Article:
Women who date widowers are sometimes stunned when an actively grieving man presses eagerly for sex. Our culture mandates no "correct" grieving process, and grieving is unique to every individual, but most experts agree that men and women mourn in different ways. Women are less likely than men to seek comfort in sex while grief endures, says a writer at hellogrief.org, citing one reason why a women who is dating a widower "might be amazed that he wants to make love to you."
Silent brooding, isolation, and even anger are stock elements of male behavior, while women tend to "talk it out" with close friends. Support systems are emblematic of the female experience; men do not cultivate support structures in the same way women do.
Does a man's brooding brand of anguish turn too soon to a quest for companionship and (ultimately) sex? Sociologist Katherine van Wormer suggests that a widower may find that sex can be an effective panacea. Because it is an intense experience, sex is one of few activities with inherent power to offset the terrible pain of loss. Denial of loss is a common thread in the grieving process, says van Wormer, recalling the Freudian-based idea that sex can be "a screen for terror."
Author and blogger Mark Liebenow does not dismiss the idea of sex as escape, or even as self-therapy, though he says, "this wasn't my experience." He agrees that forceful behavior can help a man cope with losing someone dear.
"Sex in the early, raw stages of grief might be more of a distraction, a momentary pleasure," he says. "In my first months all my senses were either shut down or numb, so to start dating and risk falling in love, with the possibility of losing someone else dear to me, was just too much."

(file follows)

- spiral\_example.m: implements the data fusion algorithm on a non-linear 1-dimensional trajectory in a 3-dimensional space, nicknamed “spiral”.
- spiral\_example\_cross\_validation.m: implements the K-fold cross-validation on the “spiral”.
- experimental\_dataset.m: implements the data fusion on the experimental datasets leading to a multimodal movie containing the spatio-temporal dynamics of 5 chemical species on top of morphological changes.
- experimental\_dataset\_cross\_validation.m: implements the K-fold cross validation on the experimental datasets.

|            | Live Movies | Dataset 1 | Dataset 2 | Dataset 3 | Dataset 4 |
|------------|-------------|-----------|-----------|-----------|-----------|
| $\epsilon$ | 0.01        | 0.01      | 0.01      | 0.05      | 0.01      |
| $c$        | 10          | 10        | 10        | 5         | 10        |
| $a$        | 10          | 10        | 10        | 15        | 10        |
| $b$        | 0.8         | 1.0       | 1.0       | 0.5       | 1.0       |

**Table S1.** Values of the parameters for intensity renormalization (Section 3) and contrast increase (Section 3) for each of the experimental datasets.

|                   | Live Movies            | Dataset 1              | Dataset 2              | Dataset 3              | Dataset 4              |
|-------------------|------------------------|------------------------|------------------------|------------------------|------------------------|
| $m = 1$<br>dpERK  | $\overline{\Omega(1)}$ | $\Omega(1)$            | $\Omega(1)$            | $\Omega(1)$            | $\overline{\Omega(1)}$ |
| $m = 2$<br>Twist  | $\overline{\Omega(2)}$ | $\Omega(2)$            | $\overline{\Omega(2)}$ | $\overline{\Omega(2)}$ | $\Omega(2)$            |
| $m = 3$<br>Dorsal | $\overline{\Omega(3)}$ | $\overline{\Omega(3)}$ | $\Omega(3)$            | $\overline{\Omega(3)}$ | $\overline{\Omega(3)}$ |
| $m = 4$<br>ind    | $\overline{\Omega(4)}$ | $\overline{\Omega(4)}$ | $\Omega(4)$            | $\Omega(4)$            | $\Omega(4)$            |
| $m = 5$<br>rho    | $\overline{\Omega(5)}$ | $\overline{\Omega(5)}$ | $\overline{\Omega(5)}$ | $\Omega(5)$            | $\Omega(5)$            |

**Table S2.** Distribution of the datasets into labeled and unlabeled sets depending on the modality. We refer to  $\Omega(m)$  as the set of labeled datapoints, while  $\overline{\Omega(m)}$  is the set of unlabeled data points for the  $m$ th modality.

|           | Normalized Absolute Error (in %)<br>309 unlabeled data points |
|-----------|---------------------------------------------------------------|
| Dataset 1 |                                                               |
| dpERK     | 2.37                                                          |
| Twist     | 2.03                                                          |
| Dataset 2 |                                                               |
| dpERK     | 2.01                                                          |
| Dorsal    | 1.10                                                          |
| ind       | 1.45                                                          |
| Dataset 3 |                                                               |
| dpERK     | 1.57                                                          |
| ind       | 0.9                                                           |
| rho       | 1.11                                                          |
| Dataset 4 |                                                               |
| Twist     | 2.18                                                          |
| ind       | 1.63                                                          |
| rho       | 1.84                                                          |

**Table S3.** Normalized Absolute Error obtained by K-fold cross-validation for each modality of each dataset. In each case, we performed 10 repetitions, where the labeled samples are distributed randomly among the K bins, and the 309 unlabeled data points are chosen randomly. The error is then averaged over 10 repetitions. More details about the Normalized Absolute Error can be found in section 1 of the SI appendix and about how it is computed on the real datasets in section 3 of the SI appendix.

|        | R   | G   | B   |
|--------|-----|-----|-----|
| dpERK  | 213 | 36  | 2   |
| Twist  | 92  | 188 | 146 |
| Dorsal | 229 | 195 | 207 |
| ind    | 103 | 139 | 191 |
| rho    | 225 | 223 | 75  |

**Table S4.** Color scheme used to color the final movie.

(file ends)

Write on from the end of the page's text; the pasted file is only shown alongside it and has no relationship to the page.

Liebenow writes of his solo hiking in Yosemite, going through territory inhabited by bears, rattlesnakes, and mountain lions. "I think that that might be way up there in terms of intensity, especially when I took additional risks and accidental death was a possibility."
Abel Keogh, author of The Ultimate Dating Guide for Widowers, believes that a widower's impulse to find someone new is ultimately sex-related. "When it comes to sex," he writes, "most widowers find themselves in a tough spot. When their wife passed on, so did regular sex. The desire for sex is one of the reasons widowers start dating again."
The search for a new partner is not without complications, including what Dr. Walter M. Bortz calls "widowers' syndrome." Guilt about experiencing pleasure without his wife, or even the fear that his deceased wife is "watching," has prevented many a man's erection.
At the opposite extreme is a kind of sexual restlessness, which motivates men to score multiple encounters with no thought of commitment. The Internet is awash with the plaints of women who discovered too late that their hopeful couplings with widowers were mere temporary trysts with men unable to move on. Often the awakening comes when a man's photo-laden, memento-stuffed bedroom is revealed as a shrine to the departed wife. "Call me old fashioned," wrote one woman to blogger Abel Keogh, "but I'm not into threesomes."
Recently I posed the question of sex as therapy, distraction, or denial to a friend who was widowed some years ago at the age of 57. He seemed surprised at the question. "A man's grief doesn't mean he stops thinking like a man," he said. "Sex is -- what we do."
Sienna Jae Fein blogs at www.datingseniormen.com
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